Gab is mad that Donald Trump signed up for Rumble.

On Saturday, Donald Trump traveled Ohio to hold his first rally since leaving the White House. He ranted about Joe Biden and spread his usual conspiracy theories about the 2020 election, and if you weren’t there to see it—fittingly, there’s a dispute over how big the crowd was—live-streaming was an option. While the former president is still banned by YouTube as well as every major social-networking platform for helping to incite the Jan. 6 Capitol riot, on Saturday his team set up a new verified Donald Trump account on Rumble, a video platform favored by right-wing users like Dan Bongino and Dinesh D’Souza.

A long-running critic of social media’s supposed (and unsubstantiated) censorship of conservatives, Trump has been sniffing around for other social-media outlets since last summer when he was reportedly in talks to join Parler, a Twitter clone that’s made some headway on the right, though the deal apparently never went through. Earlier this year, he tried to post on a makeshift microblogging platform that was attached to his website, though he gave up on the venture after less than a month because few people were reading it. Now it seems he’s found a home on Rumble, at least for his video content, though he’s only posted footage of the Ohio rally thus far. Trump currently has 348,000 subscribers on the site, a far cry from the 2.75 million subscribers he has on his currently frozen YouTube channel.

It turns out, however, that some people have a problem with a right-wing, “free speech” social network signing up Donald Trump: the other right-wing social networks.

After the Ohio rally, John Matze, the co-founder and former CEO of Parler, questioned whether Rumble gave Trump equity in the company to entice him to make an account, and accused the site of being too reliant on Big Tech by using Google ads and analytics. Andrew Torba, founder of another Twitter clone called Gab that has an extreme far-right user base, accused Rumble of compromising on free-speech principles by adding a clause banning ant-Semitism to its terms of service. “On the day President Trump joined Rumble they changed their terms of service to ban ‘hate speech’ with an explicit ban on ‘anti-Semitic’ messages, also known as any and all criticism of Israel and/or Jewish people,” Torba wrote on Gab. “No mention of banning Anti-White hatred which is still allowed.” Gab’s terms of service do not refer to hate speech at all, and only ban porn, doxing, and illegal content. Based on snapshots from the Wayback Machine, it does appear that Rumble added specific prohibitions against anti-Semitic messages and content to its terms of service sometime on Thursday. Back in March, however, Rumble CEO Chris Pavlovski me that the platform does not allow racism or anti-Semitism, so the update doesn’t necessarily signal a major shift for the site’s moderation policies. (Pavlovski did not respond to a request for comment this week.)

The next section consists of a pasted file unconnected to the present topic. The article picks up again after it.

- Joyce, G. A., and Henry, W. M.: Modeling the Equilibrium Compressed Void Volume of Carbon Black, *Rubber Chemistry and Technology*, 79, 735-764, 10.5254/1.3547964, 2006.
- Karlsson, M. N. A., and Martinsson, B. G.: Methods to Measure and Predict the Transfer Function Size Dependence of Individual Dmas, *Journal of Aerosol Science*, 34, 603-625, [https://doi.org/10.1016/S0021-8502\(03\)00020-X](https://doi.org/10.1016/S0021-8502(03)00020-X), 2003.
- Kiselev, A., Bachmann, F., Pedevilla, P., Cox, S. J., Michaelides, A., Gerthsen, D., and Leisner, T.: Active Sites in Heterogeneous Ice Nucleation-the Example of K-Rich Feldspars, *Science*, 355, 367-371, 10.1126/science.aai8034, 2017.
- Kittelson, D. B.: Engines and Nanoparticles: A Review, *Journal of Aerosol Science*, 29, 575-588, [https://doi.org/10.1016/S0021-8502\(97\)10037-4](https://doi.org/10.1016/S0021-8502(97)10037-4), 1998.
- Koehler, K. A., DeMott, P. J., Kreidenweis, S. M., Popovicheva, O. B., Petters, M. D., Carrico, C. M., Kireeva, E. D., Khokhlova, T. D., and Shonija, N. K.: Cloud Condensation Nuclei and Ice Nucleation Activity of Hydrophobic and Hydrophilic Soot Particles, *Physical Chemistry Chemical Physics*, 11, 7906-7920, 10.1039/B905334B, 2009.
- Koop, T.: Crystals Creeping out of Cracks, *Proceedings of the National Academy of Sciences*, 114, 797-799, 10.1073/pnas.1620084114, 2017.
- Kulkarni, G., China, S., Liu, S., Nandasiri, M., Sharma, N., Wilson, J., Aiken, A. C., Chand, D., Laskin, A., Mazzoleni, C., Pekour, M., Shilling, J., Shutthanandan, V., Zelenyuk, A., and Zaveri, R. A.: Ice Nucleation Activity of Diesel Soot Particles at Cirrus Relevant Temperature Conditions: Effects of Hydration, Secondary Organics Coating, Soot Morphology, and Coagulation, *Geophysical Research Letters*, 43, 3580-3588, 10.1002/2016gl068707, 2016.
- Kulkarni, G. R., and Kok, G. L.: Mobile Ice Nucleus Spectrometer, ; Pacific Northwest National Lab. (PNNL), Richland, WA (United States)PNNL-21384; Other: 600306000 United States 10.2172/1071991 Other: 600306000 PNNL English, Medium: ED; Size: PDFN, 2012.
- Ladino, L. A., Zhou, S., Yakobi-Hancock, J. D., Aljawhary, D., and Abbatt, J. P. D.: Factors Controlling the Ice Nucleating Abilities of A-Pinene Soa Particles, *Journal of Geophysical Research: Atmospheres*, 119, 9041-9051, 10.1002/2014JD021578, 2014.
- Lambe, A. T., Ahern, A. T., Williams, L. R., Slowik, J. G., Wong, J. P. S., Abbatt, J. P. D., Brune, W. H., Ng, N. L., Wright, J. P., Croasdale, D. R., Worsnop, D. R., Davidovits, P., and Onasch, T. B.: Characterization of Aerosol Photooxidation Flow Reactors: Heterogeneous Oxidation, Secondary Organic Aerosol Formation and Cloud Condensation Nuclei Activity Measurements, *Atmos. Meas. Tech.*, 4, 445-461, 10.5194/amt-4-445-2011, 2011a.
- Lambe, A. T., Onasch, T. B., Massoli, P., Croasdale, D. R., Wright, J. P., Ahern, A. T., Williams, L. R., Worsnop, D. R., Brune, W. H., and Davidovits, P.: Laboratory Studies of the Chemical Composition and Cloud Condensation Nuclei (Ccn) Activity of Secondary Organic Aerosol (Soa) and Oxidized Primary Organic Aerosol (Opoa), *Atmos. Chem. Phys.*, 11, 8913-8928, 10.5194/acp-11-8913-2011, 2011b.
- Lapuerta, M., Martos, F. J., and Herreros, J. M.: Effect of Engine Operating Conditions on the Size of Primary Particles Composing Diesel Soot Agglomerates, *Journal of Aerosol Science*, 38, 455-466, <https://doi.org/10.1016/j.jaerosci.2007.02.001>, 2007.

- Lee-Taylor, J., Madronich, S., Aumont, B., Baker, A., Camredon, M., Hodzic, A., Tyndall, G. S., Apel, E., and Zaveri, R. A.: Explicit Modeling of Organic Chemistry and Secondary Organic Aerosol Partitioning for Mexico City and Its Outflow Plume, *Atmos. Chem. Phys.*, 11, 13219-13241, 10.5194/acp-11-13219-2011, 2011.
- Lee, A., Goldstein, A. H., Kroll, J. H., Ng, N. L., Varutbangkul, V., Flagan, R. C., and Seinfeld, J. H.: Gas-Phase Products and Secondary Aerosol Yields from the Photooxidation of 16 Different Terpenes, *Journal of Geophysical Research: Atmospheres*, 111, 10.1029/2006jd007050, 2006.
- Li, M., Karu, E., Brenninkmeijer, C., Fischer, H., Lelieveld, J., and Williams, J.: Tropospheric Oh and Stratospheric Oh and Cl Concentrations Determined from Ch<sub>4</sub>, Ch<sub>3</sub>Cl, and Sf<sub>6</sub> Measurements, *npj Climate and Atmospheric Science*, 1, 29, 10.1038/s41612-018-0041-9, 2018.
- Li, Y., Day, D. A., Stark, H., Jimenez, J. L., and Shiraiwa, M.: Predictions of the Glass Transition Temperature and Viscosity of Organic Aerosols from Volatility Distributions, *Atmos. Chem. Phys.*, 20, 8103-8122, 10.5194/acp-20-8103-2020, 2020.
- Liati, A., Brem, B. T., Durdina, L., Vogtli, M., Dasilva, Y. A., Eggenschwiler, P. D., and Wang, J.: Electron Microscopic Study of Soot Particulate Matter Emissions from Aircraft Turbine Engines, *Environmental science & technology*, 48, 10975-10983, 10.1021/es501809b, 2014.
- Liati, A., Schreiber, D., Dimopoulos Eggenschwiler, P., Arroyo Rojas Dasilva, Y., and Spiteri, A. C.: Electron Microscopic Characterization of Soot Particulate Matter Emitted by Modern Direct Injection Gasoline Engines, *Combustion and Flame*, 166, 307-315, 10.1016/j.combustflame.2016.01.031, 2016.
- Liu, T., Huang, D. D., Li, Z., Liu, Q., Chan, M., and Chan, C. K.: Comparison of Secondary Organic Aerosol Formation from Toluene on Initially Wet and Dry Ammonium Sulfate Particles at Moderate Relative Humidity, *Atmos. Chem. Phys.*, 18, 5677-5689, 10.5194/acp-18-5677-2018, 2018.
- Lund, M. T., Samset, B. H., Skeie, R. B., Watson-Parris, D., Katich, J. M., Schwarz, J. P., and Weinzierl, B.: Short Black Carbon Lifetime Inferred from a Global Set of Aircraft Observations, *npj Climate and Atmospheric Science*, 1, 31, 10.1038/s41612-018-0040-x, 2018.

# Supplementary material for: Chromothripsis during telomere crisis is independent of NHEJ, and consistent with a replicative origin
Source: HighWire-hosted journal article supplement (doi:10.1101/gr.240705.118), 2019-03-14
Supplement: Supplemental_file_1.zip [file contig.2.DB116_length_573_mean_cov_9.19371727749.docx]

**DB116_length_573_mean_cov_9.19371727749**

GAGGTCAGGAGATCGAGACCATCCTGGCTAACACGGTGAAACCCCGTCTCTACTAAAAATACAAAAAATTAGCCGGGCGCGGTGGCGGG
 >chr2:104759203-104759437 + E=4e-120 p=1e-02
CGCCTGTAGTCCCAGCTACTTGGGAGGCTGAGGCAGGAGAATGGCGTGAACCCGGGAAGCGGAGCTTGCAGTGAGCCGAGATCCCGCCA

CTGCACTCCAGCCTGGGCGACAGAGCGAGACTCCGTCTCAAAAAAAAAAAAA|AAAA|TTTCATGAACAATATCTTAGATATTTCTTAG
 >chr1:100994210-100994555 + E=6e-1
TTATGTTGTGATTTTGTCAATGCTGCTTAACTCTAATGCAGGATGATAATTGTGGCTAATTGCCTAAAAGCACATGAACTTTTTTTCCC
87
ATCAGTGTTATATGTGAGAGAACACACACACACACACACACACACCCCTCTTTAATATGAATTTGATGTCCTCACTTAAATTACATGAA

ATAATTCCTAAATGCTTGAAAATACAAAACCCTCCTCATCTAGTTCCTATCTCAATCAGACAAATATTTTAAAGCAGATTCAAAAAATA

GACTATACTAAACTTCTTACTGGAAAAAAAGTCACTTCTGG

It may seem peculiar that Torba is so fixated on Rumble’s fairly standard rules around hate speech toward Jewish people, particularly given the extent to which anti-Semitism pervades Gab. The alleged gunman in the 2018 Tree of Life synagogue shooting in Pittsburgh infamously had a history of posting hateful content about Jewish people on Gab before the massacre. It wasn’t until after the shooting that Gab took the account down. And as Mother Jones’ Ali Breland reported, Torba also has a history of courting prominent anti-Semites for his site.

In this case, it appears Torba’s preference that social networks make room for anti-Semites has blended with some professional jealousy. Earlier this month, Torba participated in an interview with the extremist conspiracy theory outlet TruNews and claimed that Trump’s son-in-law Jared Kushner wanted Gab to remove anti-Semitic users and content from the site before Trump joined. “He called them Jew-haters, I called them Jew criticizers,” Torba said of Kushner. “It’s a free-speech platform, so as long as you’re not saying anything illegal, as long as you’re not making threats of violence, you’re allowed to speak your mind and have an opinion about things, and I was not going to compromise on that position.” There’s been no independent confirmation that such a negotiation actually happened. Outlets like CNN and Bloomberg have reported that Kushner stepped in to stop Trump from joining Parler and Gab. However, these reports made no mention of Kushner specifying moderation of anti-Semitic content as a prerequisite for Trump setting up an account on those platforms.

Torba started Gab in 2016 in response to allegations that Facebook was limiting the visibility of right-wing politicians. He’s characterized the creation of Gab as a principled stand against the censorship of conservatives and “social justice bullying.” Rumble, on the other hand, wasn’t founded with a political mission in mind, but more or less fell into the right-wing alternative-platform game. Canadian tech entrepreneur Chris Pavlovski created the video site in 2013 with the intent of providing small-time creators with opportunities to monetize their content, which he felt was harder to do on YouTube. The platform mostly just hosted videos of cute animals and kids until 2020, when right-wingers began flocking to the site to upload anti-vaccine and election conspiracy theory content. Perhaps sensing the opportunity, Pavlovski has recently become more outspoken in accusing Big Tech of censorship and now actively courts prominent conservatives and intellectual dark web figures to join Rumble. It’s a strategy Rumble may very well double down on: According to the site’s metrics, the Trump livestream is nearing 1 million views.

Future Tense is a partnership of SlateNew America, and Arizona State University that examines emerging technologies, public policy, and society.

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